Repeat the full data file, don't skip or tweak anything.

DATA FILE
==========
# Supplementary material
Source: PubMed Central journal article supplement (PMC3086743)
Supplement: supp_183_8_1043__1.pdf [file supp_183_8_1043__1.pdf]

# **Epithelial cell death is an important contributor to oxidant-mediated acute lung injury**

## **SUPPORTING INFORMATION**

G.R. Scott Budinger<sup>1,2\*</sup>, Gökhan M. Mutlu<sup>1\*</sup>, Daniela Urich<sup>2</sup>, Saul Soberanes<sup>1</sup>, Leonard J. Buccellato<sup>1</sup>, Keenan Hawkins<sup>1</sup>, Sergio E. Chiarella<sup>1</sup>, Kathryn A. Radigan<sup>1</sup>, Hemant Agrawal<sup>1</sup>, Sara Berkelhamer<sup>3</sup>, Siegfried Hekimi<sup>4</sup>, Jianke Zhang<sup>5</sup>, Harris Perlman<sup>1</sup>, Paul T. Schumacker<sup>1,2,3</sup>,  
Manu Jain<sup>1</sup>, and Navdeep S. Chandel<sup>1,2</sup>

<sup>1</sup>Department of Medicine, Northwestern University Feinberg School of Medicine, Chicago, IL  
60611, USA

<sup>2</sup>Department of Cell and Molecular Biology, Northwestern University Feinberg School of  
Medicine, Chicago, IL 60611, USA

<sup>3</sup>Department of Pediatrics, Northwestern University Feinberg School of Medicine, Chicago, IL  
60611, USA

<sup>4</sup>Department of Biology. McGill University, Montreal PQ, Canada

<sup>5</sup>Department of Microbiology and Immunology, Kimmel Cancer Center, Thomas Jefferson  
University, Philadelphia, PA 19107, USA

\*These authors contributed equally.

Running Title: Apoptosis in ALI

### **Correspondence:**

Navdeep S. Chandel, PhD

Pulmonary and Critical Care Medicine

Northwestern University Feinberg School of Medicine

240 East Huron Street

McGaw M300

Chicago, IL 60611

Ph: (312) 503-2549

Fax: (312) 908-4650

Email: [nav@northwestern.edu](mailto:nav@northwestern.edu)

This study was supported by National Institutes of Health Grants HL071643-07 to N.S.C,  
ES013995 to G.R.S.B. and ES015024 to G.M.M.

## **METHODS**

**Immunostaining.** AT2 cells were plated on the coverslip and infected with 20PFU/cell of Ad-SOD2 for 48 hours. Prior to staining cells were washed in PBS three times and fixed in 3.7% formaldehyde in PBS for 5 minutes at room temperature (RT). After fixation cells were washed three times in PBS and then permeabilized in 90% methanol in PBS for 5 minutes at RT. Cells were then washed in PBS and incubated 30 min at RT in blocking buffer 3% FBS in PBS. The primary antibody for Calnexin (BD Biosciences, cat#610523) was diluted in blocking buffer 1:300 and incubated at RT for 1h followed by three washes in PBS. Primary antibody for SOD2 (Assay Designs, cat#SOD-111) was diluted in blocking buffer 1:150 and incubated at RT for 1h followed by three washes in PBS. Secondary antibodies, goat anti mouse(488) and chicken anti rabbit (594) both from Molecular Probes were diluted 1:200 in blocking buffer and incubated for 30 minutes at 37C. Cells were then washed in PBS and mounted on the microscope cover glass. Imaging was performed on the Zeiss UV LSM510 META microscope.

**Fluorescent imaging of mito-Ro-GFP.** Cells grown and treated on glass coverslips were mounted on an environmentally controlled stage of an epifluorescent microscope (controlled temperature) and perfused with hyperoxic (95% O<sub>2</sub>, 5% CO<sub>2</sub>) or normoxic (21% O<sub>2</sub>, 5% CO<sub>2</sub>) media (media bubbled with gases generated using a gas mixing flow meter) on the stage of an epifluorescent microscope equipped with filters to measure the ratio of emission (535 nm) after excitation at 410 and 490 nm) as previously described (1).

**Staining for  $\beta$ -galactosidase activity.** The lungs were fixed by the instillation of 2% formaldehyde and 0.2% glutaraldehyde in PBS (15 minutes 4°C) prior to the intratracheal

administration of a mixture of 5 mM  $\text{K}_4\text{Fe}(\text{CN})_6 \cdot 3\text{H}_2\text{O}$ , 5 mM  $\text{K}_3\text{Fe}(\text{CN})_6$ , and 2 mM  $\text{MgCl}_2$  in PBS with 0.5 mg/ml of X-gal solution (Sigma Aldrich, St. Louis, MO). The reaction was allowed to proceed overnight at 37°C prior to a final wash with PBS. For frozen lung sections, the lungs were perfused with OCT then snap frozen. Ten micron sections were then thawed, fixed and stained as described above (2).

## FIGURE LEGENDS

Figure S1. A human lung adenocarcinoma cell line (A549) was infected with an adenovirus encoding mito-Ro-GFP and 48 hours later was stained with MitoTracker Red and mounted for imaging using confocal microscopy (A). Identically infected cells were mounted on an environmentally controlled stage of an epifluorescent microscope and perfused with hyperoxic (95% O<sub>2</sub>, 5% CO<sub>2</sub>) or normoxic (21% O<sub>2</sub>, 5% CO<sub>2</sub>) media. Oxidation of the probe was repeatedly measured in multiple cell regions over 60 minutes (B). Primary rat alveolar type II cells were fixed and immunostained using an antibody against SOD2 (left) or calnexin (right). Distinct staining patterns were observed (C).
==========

# Supplementary material
Source: PubMed Central journal article supplement (PMC3086743)
Supplement: supp_183_8_1043__1.pdf [file supp_183_8_1043__1.pdf]

# **Epithelial cell death is an important contributor to oxidant-mediated acute lung injury**

## **SUPPORTING INFORMATION**

G.R. Scott Budinger<sup>1,2\*</sup>, Gökhan M. Mutlu<sup>1\*</sup>, Daniela Urich<sup>2</sup>, Saul Soberanes<sup>1</sup>, Leonard J. Buccellato<sup>1</sup>, Keenan Hawkins<sup>1</sup>, Sergio E. Chiarella<sup>1</sup>, Kathryn A. Radigan<sup>1</sup>, Hemant Agrawal<sup>1</sup>, Sara Berkelhamer<sup>3</sup>, Siegfried Hekimi<sup>4</sup>, Jianke Zhang<sup>5</sup>, Harris Perlman<sup>1</sup>, Paul T. Schumacker<sup>1,2,3</sup>,  
Manu Jain<sup>1</sup>, and Navdeep S. Chandel<sup>1,2</sup>

<sup>1</sup>Department of Medicine, Northwestern University Feinberg School of Medicine, Chicago, IL  
60611, USA

<sup>2</sup>Department of Cell and Molecular Biology, Northwestern University Feinberg School of  
Medicine, Chicago, IL 60611, USA

<sup>3</sup>Department of Pediatrics, Northwestern University Feinberg School of Medicine, Chicago, IL  
60611, USA

<sup>4</sup>Department of Biology. McGill University, Montreal PQ, Canada

<sup>5</sup>Department of Microbiology and Immunology, Kimmel Cancer Center, Thomas Jefferson  
University, Philadelphia, PA 19107, USA

\*These authors contributed equally.

Running Title: Apoptosis in ALI

### **Correspondence:**

Navdeep S. Chandel, PhD

Pulmonary and Critical Care Medicine

Northwestern University Feinberg School of Medicine

240 East Huron Street

McGaw M300

Chicago, IL 60611

Ph: (312) 503-2549

Fax: (312) 908-4650

Email: [nav@northwestern.edu](mailto:nav@northwestern.edu)

This study was supported by National Institutes of Health Grants HL071643-07 to N.S.C,  
ES013995 to G.R.S.B. and ES015024 to G.M.M.

## **METHODS**

**Immunostaining.** AT2 cells were plated on the coverslip and infected with 20PFU/cell of Ad-SOD2 for 48 hours. Prior to staining cells were washed in PBS three times and fixed in 3.7% formaldehyde in PBS for 5 minutes at room temperature (RT). After fixation cells were washed three times in PBS and then permeabilized in 90% methanol in PBS for 5 minutes at RT. Cells were then washed in PBS and incubated 30 min at RT in blocking buffer 3% FBS in PBS. The primary antibody for Calnexin (BD Biosciences, cat#610523) was diluted in blocking buffer 1:300 and incubated at RT for 1h followed by three washes in PBS. Primary antibody for SOD2 (Assay Designs, cat#SOD-111) was diluted in blocking buffer 1:150 and incubated at RT for 1h followed by three washes in PBS. Secondary antibodies, goat anti mouse(488) and chicken anti rabbit (594) both from Molecular Probes were diluted 1:200 in blocking buffer and incubated for 30 minutes at 37C. Cells were then washed in PBS and mounted on the microscope cover glass. Imaging was performed on the Zeiss UV LSM510 META microscope.

**Fluorescent imaging of mito-Ro-GFP.** Cells grown and treated on glass coverslips were mounted on an environmentally controlled stage of an epifluorescent microscope (controlled temperature) and perfused with hyperoxic (95% O<sub>2</sub>, 5% CO<sub>2</sub>) or normoxic (21% O<sub>2</sub>, 5% CO<sub>2</sub>) media (media bubbled with gases generated using a gas mixing flow meter) on the stage of an epifluorescent microscope equipped with filters to measure the ratio of emission (535 nm) after excitation at 410 and 490 nm) as previously described (1).

**Staining for  $\beta$ -galactosidase activity.** The lungs were fixed by the instillation of 2% formaldehyde and 0.2% glutaraldehyde in PBS (15 minutes 4°C) prior to the intratracheal

administration of a mixture of 5 mM  $\text{K}_4\text{Fe}(\text{CN})_6 \cdot 3\text{H}_2\text{O}$ , 5 mM  $\text{K}_3\text{Fe}(\text{CN})_6$ , and 2 mM  $\text{MgCl}_2$  in PBS with 0.5 mg/ml of X-gal solution (Sigma Aldrich, St. Louis, MO). The reaction was allowed to proceed overnight at 37°C prior to a final wash with PBS. For frozen lung sections, the lungs were perfused with OCT then snap frozen. Ten micron sections were then thawed, fixed and stained as described above (2).

## FIGURE LEGENDS

Figure S1. A human lung adenocarcinoma cell line (A549) was infected with an adenovirus encoding mito-Ro-GFP and 48 hours later was stained with MitoTracker Red and mounted for imaging using confocal microscopy (A). Identically infected cells were mounted on an environmentally controlled stage of an epifluorescent microscope and perfused with hyperoxic (95% O<sub>2</sub>, 5% CO<sub>2</sub>) or normoxic (21% O<sub>2</sub>, 5% CO<sub>2</sub>) media. Oxidation of the probe was repeatedly measured in multiple cell regions over 60 minutes (B). Primary rat alveolar type II cells were fixed and immunostained using an antibody against SOD2 (left) or calnexin (right). Distinct staining patterns were observed (C).